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Ospreys find a home at UO Law School



The University of Oregon campus is about to gain three baby ospreys, also sometimes called seahawks. The first two eggs’ due date is May 28, and bird-lovers or curious Ducks can watch a live-feed of the nest on top of the Knight Law School in hopes of seeing the eggs hatch.

Two ospreys have made their home in a four-foot by four-foot nest on a platform constructed 52 feet above the roof of the law school and 110 feet off the ground. While the camera to record the live stream was a more recent addition added in late February, the nest was relocated from a light pole at Hayward Field to the law roof in March 2014.

Jim Horstrup, law School building manager, said this is a much better place for the raptor species.

“Legend has it someone came over the radio and said, ‘Hey, there’s a trout in lane four,’ during a track meet,” said Horstrup.

Because of this, the osprey nest was removed from the light pole at Hayward Field in 2013, and in March of 2014, UO Athletics paid for the new nest that was assembled to match the height of light poles in the area. Horstrup said ospreys choose to nest in the tallest places they can find to protect themselves against predators. Their new location had to be tall enough so the birds wouldn’t return to Hayward the next year.

At the time, Horstrup said the budget for the relocation wasn’t large enough to include installing a camera. Donations paid for the $3,000 camera and $12,000 installation costs in honor of retired Law School dean and bird-lover Margaret Paris so that she, and others, could keep an eye on the family on the roof, according to Horstrup.

Two stories below the roof, the ospreys are broadcasted on a TV at the entrance of the law library. Horstrup said the employees of the library requested the feed after the nest was moved from Hayward field, which they could see from the library windows. A sign below the TV announced that the eggs were lain April 23 and 26 and the first two eggs’ due date is May 28.

A live stream of the Osprey nest is displayed in the libary at the Knight Law Center on Friday, May 11, 2018. (Adam Eberhardt/Emerald)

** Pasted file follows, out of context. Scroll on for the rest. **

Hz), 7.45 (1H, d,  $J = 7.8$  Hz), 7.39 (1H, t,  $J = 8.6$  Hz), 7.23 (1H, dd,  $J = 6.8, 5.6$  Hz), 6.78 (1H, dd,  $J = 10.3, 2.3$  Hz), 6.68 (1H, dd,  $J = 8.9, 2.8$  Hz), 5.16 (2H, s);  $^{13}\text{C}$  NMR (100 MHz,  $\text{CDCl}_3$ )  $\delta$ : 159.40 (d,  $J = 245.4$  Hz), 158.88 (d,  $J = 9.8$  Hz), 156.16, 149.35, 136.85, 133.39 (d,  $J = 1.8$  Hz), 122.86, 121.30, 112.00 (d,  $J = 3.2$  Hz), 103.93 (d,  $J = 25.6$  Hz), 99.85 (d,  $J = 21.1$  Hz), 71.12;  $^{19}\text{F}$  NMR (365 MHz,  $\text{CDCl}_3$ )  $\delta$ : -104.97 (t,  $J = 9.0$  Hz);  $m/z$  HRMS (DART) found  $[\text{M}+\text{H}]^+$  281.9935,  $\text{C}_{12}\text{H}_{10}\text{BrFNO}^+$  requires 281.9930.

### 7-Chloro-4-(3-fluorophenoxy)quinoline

According to Joe Stack, Wildlife Biologist for the Oregon Department of Fish and Wildlife, ospreys typically lay their eggs sometime from March to May and eggs take about 38 days to incubate. He said at around 52 days, the hatchlets will start to fly.

“People who might be watching this camera in middle July, early August — if you’re not seeing those birds around, it’s probably because they’re out test flying, getting their wings stronger, flying around and foraging,” said Stack.

Twigs decorate the roof below the 52-foot pole, pushed from the nest as the two resident ospreys tend to their three eggs. Horstrup said they have even found fish, eel and snake carcases that have been pushed from the nest. One time he found a 20-inch salmon skeleton on the roof.

Ospreys occasionally build nests at Autzen Stadium as well. Horstrup said they did at the time of the spring game this year, causing crews to block off a section of the stands below the nest to protect football fans from falling twigs and debris.

Stack said traffic is often not a problem to these birds, especially due to the height at which they nest. Horstrup echoed this, saying crews have pressure washed the poop and debris from the roof below the nest and the ospreys didn’t seem to care. Stack said the ospreys in Florida where he used to work were particularly fearless.

“They were all over the place,” said Stack. “They would nest on people’s boat docks, buoys — anything they could put a nest on, they would do it.”

While the osprey population declined in the early to mid-1970s, Stack said that since then, the Oregon population has bounced back. He said that in 1976 there were 13 osprey pairs between Eugene and Portland, but in 2001, the last year he said they have data from, there were 234 pairs of ospreys in Eugene.

“Now you see multiple pairs, just in downtown Eugene,” said Stack. “I would say there’s a benefit to having them here. Maybe people who fish might not agree because they’re competing with fishers.”

Other osprey nests are live streamed on YouTube too, for example in Salem, Seaside, and the University of Montana.

Those who miss the action on camera this year need not worry. According to Stack, they should be back next year.

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Becca Robbins

Becca Robbins

Becca Robbins is a News Reporter. She is a junior majoring in journalism and minoring in creative writing. She loves to read and watch sports.